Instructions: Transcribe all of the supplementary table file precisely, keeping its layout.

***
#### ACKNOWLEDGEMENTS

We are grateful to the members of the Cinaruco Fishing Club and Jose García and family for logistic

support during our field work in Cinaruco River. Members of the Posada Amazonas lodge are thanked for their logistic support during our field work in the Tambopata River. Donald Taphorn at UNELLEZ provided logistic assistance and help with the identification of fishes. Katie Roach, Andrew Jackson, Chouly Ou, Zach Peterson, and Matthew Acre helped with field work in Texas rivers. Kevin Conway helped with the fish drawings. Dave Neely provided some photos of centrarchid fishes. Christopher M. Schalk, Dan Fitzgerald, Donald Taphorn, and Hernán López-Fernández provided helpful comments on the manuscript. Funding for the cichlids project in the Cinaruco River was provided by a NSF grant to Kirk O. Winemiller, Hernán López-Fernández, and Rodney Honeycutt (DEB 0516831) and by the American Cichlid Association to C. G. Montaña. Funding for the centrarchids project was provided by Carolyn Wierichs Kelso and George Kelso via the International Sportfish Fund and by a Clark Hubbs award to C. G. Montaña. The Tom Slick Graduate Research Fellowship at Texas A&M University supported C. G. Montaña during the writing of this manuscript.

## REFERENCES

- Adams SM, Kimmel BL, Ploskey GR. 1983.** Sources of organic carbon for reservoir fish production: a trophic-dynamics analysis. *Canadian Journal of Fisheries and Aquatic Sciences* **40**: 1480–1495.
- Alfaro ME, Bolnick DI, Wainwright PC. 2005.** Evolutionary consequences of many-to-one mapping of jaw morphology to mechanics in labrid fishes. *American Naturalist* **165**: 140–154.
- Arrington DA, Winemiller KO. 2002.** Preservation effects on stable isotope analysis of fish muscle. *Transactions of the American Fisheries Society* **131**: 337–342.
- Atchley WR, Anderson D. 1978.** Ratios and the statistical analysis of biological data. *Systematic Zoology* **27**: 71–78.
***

#### ACKNOWLEDGEMENTS

We are grateful to the members of the Cinaruco Fishing Club and Jose García and family for logistic

support during our field work in Cinaruco River. Members of the Posada Amazonas lodge are thanked for their logistic support during our field work in the Tambopata River. Donald Taphorn at UNELLEZ provided logistic assistance and help with the identification of fishes. Katie Roach, Andrew Jackson, Chouly Ou, Zach Peterson, and Matthew Acre helped with field work in Texas rivers. Kevin Conway helped with the fish drawings. Dave Neely provided some photos of centrarchid fishes. Christopher M. Schalk, Dan Fitzgerald, Donald Taphorn, and Hernán López-Fernández provided helpful comments on the manuscript. Funding for the cichlids project in the Cinaruco River was provided by a NSF grant to Kirk O. Winemiller, Hernán López-Fernández, and Rodney Honeycutt (DEB 0516831) and by the American Cichlid Association to C. G. Montaña. Funding for the centrarchids project was provided by Carolyn Wierichs Kelso and George Kelso via the International Sportfish Fund and by a Clark Hubbs award to C. G. Montaña. The Tom Slick Graduate Research Fellowship at Texas A&M University supported C. G. Montaña during the writing of this manuscript.

## REFERENCES

- Adams SM, Kimmel BL, Ploskey GR. 1983.** Sources of organic carbon for reservoir fish production: a trophic-dynamics analysis. *Canadian Journal of Fisheries and Aquatic Sciences* **40**: 1480–1495.
- Alfaro ME, Bolnick DI, Wainwright PC. 2005.** Evolutionary consequences of many-to-one mapping of jaw morphology to mechanics in labrid fishes. *American Naturalist* **165**: 140–154.
- Arrington DA, Winemiller KO. 2002.** Preservation effects on stable isotope analysis of fish muscle. *Transactions of the American Fisheries Society* **131**: 337–342.
- Atchley WR, Anderson D. 1978.** Ratios and the statistical analysis of biological data. *Systematic Zoology* **27**: 71–78.